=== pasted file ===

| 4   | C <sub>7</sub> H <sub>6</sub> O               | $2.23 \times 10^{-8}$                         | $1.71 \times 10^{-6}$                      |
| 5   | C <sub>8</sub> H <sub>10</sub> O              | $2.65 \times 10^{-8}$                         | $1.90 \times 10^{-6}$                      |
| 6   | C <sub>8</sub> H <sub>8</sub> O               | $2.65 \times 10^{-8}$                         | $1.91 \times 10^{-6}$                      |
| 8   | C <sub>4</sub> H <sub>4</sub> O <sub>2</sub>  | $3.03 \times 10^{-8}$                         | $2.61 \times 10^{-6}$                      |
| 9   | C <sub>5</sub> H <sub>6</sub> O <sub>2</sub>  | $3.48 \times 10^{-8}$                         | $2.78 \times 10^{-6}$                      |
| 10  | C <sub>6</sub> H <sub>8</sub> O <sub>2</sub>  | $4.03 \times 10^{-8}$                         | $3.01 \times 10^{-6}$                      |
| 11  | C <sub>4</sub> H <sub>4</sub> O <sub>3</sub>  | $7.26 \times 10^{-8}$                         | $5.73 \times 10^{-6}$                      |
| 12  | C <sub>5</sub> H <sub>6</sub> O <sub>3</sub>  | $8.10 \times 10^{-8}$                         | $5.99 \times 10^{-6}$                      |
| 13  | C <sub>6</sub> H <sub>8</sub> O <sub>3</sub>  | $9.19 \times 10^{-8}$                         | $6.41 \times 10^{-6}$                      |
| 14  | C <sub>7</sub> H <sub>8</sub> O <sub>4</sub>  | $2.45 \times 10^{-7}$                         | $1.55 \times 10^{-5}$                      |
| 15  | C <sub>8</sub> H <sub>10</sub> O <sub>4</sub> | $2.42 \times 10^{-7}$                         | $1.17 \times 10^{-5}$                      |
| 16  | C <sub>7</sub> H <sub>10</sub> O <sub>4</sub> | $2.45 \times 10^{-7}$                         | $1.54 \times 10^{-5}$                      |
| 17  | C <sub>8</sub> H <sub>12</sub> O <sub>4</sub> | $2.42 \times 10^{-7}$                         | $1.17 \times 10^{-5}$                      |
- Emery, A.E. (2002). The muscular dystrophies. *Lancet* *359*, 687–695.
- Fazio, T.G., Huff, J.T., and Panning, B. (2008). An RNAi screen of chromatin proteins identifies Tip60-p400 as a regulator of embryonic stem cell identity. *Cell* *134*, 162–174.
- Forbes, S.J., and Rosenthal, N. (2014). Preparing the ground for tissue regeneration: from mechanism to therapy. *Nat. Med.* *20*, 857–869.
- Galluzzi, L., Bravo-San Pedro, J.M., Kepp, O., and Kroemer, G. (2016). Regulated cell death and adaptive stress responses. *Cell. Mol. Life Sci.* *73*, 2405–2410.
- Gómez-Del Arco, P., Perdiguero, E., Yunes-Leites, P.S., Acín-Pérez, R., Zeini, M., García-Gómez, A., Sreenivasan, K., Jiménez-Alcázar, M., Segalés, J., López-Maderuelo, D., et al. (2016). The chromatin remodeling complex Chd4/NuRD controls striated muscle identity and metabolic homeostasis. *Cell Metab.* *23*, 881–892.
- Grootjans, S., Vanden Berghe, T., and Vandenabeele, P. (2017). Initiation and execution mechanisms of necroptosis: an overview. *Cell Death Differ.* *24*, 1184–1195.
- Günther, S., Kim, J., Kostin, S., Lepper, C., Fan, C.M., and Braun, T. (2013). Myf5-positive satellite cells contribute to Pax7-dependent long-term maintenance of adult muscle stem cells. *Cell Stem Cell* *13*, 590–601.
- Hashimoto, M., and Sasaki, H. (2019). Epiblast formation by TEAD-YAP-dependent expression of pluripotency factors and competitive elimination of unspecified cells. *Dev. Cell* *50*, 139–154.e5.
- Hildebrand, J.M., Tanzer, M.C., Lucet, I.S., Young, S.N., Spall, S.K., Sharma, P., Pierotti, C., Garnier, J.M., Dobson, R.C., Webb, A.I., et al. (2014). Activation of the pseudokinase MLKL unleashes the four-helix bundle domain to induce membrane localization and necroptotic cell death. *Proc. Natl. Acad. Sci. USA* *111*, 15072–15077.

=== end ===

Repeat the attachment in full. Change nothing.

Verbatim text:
| 4   | C <sub>7</sub> H <sub>6</sub> O               | $2.23 \times 10^{-8}$                         | $1.71 \times 10^{-6}$                      |
| 5   | C <sub>8</sub> H <sub>10</sub> O              | $2.65 \times 10^{-8}$                         | $1.90 \times 10^{-6}$                      |
| 6   | C <sub>8</sub> H <sub>8</sub> O               | $2.65 \times 10^{-8}$                         | $1.91 \times 10^{-6}$                      |
| 8   | C <sub>4</sub> H <sub>4</sub> O <sub>2</sub>  | $3.03 \times 10^{-8}$                         | $2.61 \times 10^{-6}$                      |
| 9   | C <sub>5</sub> H <sub>6</sub> O <sub>2</sub>  | $3.48 \times 10^{-8}$                         | $2.78 \times 10^{-6}$                      |
| 10  | C <sub>6</sub> H <sub>8</sub> O <sub>2</sub>  | $4.03 \times 10^{-8}$                         | $3.01 \times 10^{-6}$                      |
| 11  | C <sub>4</sub> H <sub>4</sub> O <sub>3</sub>  | $7.26 \times 10^{-8}$                         | $5.73 \times 10^{-6}$                      |
| 12  | C <sub>5</sub> H <sub>6</sub> O <sub>3</sub>  | $8.10 \times 10^{-8}$                         | $5.99 \times 10^{-6}$                      |
| 13  | C <sub>6</sub> H <sub>8</sub> O <sub>3</sub>  | $9.19 \times 10^{-8}$                         | $6.41 \times 10^{-6}$                      |
| 14  | C <sub>7</sub> H <sub>8</sub> O <sub>4</sub>  | $2.45 \times 10^{-7}$                         | $1.55 \times 10^{-5}$                      |
| 15  | C <sub>8</sub> H <sub>10</sub> O <sub>4</sub> | $2.42 \times 10^{-7}$                         | $1.17 \times 10^{-5}$                      |
| 16  | C <sub>7</sub> H <sub>10</sub> O <sub>4</sub> | $2.45 \times 10^{-7}$                         | $1.54 \times 10^{-5}$                      |
| 17  | C <sub>8</sub> H <sub>12</sub> O <sub>4</sub> | $2.42 \times 10^{-7}$                         | $1.17 \times 10^{-5}$                      |
- Emery, A.E. (2002). The muscular dystrophies. *Lancet* *359*, 687–695.
- Fazio, T.G., Huff, J.T., and Panning, B. (2008). An RNAi screen of chromatin proteins identifies Tip60-p400 as a regulator of embryonic stem cell identity. *Cell* *134*, 162–174.
- Forbes, S.J., and Rosenthal, N. (2014). Preparing the ground for tissue regeneration: from mechanism to therapy. *Nat. Med.* *20*, 857–869.
- Galluzzi, L., Bravo-San Pedro, J.M., Kepp, O., and Kroemer, G. (2016). Regulated cell death and adaptive stress responses. *Cell. Mol. Life Sci.* *73*, 2405–2410.
- Gómez-Del Arco, P., Perdiguero, E., Yunes-Leites, P.S., Acín-Pérez, R., Zeini, M., García-Gómez, A., Sreenivasan, K., Jiménez-Alcázar, M., Segalés, J., López-Maderuelo, D., et al. (2016). The chromatin remodeling complex Chd4/NuRD controls striated muscle identity and metabolic homeostasis. *Cell Metab.* *23*, 881–892.
- Grootjans, S., Vanden Berghe, T., and Vandenabeele, P. (2017). Initiation and execution mechanisms of necroptosis: an overview. *Cell Death Differ.* *24*, 1184–1195.
- Günther, S., Kim, J., Kostin, S., Lepper, C., Fan, C.M., and Braun, T. (2013). Myf5-positive satellite cells contribute to Pax7-dependent long-term maintenance of adult muscle stem cells. *Cell Stem Cell* *13*, 590–601.
- Hashimoto, M., and Sasaki, H. (2019). Epiblast formation by TEAD-YAP-dependent expression of pluripotency factors and competitive elimination of unspecified cells. *Dev. Cell* *50*, 139–154.e5.
- Hildebrand, J.M., Tanzer, M.C., Lucet, I.S., Young, S.N., Spall, S.K., Sharma, P., Pierotti, C., Garnier, J.M., Dobson, R.C., Webb, A.I., et al. (2014). Activation of the pseudokinase MLKL unleashes the four-helix bundle domain to induce membrane localization and necroptotic cell death. *Proc. Natl. Acad. Sci. USA* *111*, 15072–15077.